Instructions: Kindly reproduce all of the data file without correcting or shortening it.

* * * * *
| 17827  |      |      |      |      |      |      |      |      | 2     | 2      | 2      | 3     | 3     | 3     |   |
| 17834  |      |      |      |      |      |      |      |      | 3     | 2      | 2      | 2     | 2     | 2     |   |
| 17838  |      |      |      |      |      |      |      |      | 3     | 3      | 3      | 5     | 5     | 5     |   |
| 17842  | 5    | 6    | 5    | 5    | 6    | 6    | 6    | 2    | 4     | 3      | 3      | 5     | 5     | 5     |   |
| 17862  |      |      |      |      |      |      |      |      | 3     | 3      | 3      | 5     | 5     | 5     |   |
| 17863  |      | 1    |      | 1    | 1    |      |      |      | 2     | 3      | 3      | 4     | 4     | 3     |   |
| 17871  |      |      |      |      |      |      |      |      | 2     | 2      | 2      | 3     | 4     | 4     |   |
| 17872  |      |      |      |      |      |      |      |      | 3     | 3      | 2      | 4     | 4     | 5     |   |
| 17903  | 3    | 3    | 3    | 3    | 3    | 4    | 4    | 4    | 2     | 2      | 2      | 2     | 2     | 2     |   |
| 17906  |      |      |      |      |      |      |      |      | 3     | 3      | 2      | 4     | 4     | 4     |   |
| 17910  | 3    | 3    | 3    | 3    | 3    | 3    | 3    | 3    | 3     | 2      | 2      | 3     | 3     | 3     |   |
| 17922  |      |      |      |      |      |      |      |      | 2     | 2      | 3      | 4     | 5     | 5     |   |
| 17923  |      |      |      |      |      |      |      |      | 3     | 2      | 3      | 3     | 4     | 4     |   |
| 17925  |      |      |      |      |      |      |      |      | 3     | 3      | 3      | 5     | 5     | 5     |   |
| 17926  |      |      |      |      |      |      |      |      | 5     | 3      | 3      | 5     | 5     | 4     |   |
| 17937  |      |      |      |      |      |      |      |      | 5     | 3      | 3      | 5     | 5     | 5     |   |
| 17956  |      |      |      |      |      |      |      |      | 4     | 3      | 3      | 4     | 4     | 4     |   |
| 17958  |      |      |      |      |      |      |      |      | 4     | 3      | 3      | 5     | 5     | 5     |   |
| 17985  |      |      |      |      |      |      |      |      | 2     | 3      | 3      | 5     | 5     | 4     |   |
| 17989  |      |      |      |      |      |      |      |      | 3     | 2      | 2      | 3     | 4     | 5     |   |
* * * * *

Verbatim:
| 17827  |      |      |      |      |      |      |      |      | 2     | 2      | 2      | 3     | 3     | 3     |   |
| 17834  |      |      |      |      |      |      |      |      | 3     | 2      | 2      | 2     | 2     | 2     |   |
| 17838  |      |      |      |      |      |      |      |      | 3     | 3      | 3      | 5     | 5     | 5     |   |
| 17842  | 5    | 6    | 5    | 5    | 6    | 6    | 6    | 2    | 4     | 3      | 3      | 5     | 5     | 5     |   |
| 17862  |      |      |      |      |      |      |      |      | 3     | 3      | 3      | 5     | 5     | 5     |   |
| 17863  |      | 1    |      | 1    | 1    |      |      |      | 2     | 3      | 3      | 4     | 4     | 3     |   |
| 17871  |      |      |      |      |      |      |      |      | 2     | 2      | 2      | 3     | 4     | 4     |   |
| 17872  |      |      |      |      |      |      |      |      | 3     | 3      | 2      | 4     | 4     | 5     |   |
| 17903  | 3    | 3    | 3    | 3    | 3    | 4    | 4    | 4    | 2     | 2      | 2      | 2     | 2     | 2     |   |
| 17906  |      |      |      |      |      |      |      |      | 3     | 3      | 2      | 4     | 4     | 4     |   |
| 17910  | 3    | 3    | 3    | 3    | 3    | 3    | 3    | 3    | 3     | 2      | 2      | 3     | 3     | 3     |   |
| 17922  |      |      |      |      |      |      |      |      | 2     | 2      | 3      | 4     | 5     | 5     |   |
| 17923  |      |      |      |      |      |      |      |      | 3     | 2      | 3      | 3     | 4     | 4     |   |
| 17925  |      |      |      |      |      |      |      |      | 3     | 3      | 3      | 5     | 5     | 5     |   |
| 17926  |      |      |      |      |      |      |      |      | 5     | 3      | 3      | 5     | 5     | 4     |   |
| 17937  |      |      |      |      |      |      |      |      | 5     | 3      | 3      | 5     | 5     | 5     |   |
| 17956  |      |      |      |      |      |      |      |      | 4     | 3      | 3      | 4     | 4     | 4     |   |
| 17958  |      |      |      |      |      |      |      |      | 4     | 3      | 3      | 5     | 5     | 5     |   |
| 17985  |      |      |      |      |      |      |      |      | 2     | 3      | 3      | 5     | 5     | 4     |   |
| 17989  |      |      |      |      |      |      |      |      | 3     | 2      | 2      | 3     | 4     | 5     |   |